James Boiani Quoted in “Labs Hopeful for Less Severe Penalties for Referral Mishaps”Bloomberg BNA Health Care Daily Report January 11, 2018
James A. Boiani, Member of the Firm in the Health Care and Life Sciences practice, in the firm’s Washington, DC, office, was quoted in the Bloomberg BNA Health Care Daily Report, in “Labs Hopeful for Less Severe Penalties for Referral Mishaps,” by Mike Stankiewicz. (Read the full version – subscription required.)
Following is an excerpt:
Medical testing labs are hoping the Medicare agency will ease up on penalties for improperly handled proficiency test samples, health-care attorneys told Bloomberg Law.
The Centers for Medicare & Medicaid Services wants comments by March 12 on updating penalties under the Clinical Laboratory Improvement Amendments (CLIA) for when a laboratory refers out proficiency test samples to another lab and reports the other lab’s result as its own. CLIA governs nonresearch clinical lab testing in the U.S. and certifies labs that meet the program’s quality standards. Current penalties are stiff and may include losing a CLIA certificate, as well as prohibiting the lab’s owner from owning a CLIA-certified lab for two years.
But health-care lawyers say these referral mistakes are typically not done with nefarious intentions. “Many laboratories have procedures in place that automatically refer certain tests, or sometimes tests are referred out because of clerical error,” James Boiani, a life sciences attorney at Epstein Becker & Green’s Washington office, told Bloomberg Law Jan. 9. “You should still have severe penalties for bad actors, but loosen it up for staffs or labs that made an honest mistake.” …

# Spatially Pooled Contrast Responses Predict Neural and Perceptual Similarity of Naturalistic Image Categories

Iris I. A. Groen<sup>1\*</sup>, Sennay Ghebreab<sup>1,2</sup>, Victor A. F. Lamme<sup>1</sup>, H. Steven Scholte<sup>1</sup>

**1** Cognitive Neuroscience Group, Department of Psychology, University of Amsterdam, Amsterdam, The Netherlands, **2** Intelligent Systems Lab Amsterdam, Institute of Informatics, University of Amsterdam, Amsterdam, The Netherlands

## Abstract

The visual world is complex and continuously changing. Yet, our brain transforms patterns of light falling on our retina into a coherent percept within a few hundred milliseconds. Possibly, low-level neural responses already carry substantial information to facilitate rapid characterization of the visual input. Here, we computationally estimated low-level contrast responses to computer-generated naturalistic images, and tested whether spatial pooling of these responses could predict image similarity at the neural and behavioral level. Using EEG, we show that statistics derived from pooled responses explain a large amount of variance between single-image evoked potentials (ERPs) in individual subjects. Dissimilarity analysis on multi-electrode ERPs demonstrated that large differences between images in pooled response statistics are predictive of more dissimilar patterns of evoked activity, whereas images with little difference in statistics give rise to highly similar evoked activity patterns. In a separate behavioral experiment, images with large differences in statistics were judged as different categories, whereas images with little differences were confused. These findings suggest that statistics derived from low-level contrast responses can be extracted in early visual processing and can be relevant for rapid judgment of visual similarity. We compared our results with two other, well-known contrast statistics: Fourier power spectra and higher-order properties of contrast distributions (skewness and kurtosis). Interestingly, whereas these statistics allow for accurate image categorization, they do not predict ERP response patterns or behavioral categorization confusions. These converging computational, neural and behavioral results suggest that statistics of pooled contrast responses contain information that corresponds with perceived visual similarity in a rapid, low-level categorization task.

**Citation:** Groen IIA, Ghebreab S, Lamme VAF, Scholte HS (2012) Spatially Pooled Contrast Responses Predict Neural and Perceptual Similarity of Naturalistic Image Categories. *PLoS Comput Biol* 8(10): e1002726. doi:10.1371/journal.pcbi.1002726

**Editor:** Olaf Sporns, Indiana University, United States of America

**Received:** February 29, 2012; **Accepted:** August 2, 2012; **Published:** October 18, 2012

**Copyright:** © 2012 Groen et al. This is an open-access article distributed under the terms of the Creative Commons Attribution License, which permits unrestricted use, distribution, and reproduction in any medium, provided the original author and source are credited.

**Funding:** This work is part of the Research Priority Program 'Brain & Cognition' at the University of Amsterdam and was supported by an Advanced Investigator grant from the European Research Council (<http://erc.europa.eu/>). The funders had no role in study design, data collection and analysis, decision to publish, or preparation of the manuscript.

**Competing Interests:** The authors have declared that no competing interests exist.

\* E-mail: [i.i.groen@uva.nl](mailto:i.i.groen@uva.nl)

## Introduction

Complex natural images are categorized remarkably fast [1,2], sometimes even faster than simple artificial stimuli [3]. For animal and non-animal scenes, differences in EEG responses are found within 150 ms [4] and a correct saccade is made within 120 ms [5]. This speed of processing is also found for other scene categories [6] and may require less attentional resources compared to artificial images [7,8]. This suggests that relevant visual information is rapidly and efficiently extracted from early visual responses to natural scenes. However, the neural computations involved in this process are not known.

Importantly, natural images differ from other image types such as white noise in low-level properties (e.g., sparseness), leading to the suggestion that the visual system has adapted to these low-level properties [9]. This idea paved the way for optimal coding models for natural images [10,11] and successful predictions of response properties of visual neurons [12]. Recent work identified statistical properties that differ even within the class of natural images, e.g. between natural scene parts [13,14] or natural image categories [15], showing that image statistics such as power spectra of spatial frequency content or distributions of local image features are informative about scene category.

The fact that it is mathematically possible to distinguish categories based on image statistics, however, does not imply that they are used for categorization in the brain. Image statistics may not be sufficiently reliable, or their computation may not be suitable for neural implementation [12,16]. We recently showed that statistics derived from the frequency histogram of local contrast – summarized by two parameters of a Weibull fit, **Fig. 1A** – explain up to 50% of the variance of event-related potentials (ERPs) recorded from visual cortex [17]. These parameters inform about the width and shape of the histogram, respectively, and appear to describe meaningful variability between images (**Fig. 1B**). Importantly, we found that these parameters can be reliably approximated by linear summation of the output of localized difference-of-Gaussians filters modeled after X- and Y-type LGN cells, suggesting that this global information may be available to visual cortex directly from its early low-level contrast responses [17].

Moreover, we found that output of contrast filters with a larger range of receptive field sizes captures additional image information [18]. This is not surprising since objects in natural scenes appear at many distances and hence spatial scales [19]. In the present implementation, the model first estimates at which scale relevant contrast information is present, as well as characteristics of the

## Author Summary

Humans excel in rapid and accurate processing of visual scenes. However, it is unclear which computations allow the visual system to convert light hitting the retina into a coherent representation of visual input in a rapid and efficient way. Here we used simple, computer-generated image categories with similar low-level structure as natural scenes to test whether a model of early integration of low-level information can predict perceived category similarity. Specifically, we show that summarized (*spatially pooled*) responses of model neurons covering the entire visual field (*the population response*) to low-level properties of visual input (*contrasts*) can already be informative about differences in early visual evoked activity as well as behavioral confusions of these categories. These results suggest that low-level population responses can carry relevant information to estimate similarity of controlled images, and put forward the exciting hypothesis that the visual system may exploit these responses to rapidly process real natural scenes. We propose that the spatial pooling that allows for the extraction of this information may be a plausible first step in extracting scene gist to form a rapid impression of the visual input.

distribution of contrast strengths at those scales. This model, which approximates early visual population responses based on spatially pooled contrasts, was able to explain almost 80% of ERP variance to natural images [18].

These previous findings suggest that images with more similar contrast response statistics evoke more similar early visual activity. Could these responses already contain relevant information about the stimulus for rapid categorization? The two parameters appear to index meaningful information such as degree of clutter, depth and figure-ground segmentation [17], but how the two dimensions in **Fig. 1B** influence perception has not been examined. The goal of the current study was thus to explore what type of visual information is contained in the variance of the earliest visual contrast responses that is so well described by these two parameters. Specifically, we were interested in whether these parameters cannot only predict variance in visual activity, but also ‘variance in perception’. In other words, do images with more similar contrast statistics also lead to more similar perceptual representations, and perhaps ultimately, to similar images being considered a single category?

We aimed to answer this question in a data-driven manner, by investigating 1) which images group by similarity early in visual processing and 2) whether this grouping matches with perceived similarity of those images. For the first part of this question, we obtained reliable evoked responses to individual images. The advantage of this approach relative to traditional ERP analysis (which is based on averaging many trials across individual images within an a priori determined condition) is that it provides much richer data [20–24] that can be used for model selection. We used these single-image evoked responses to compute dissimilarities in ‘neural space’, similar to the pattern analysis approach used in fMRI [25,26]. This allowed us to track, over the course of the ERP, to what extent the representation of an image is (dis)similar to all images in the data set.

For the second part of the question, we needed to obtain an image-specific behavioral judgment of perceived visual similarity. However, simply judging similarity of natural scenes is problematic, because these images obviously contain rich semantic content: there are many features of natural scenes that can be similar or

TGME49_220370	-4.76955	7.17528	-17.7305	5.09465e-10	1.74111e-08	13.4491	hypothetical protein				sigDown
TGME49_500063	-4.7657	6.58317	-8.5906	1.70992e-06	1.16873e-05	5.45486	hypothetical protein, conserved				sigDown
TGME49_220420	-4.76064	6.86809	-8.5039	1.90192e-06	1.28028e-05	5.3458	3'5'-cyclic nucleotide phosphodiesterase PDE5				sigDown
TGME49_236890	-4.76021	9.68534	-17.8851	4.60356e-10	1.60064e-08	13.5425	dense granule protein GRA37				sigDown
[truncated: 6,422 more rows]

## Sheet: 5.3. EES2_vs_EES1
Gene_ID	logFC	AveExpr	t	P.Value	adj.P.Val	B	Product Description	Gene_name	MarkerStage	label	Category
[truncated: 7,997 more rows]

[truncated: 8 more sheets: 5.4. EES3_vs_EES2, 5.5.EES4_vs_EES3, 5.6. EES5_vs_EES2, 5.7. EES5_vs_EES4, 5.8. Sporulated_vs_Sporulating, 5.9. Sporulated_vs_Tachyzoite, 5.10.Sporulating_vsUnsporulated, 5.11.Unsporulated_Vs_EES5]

“You don’t have to put everyone out of business for minor things, especially those who are doing it voluntarily,” Boiani said. …
Boiani said patient safety advocates are unlikely to be concerned about lab quality as a result of lower penalties.
“It’s not a concern necessarily that once they loosen it up it that proficiency testing will become the Wild West,” he said. “There should be penalties between nothing and a two-year suspension.”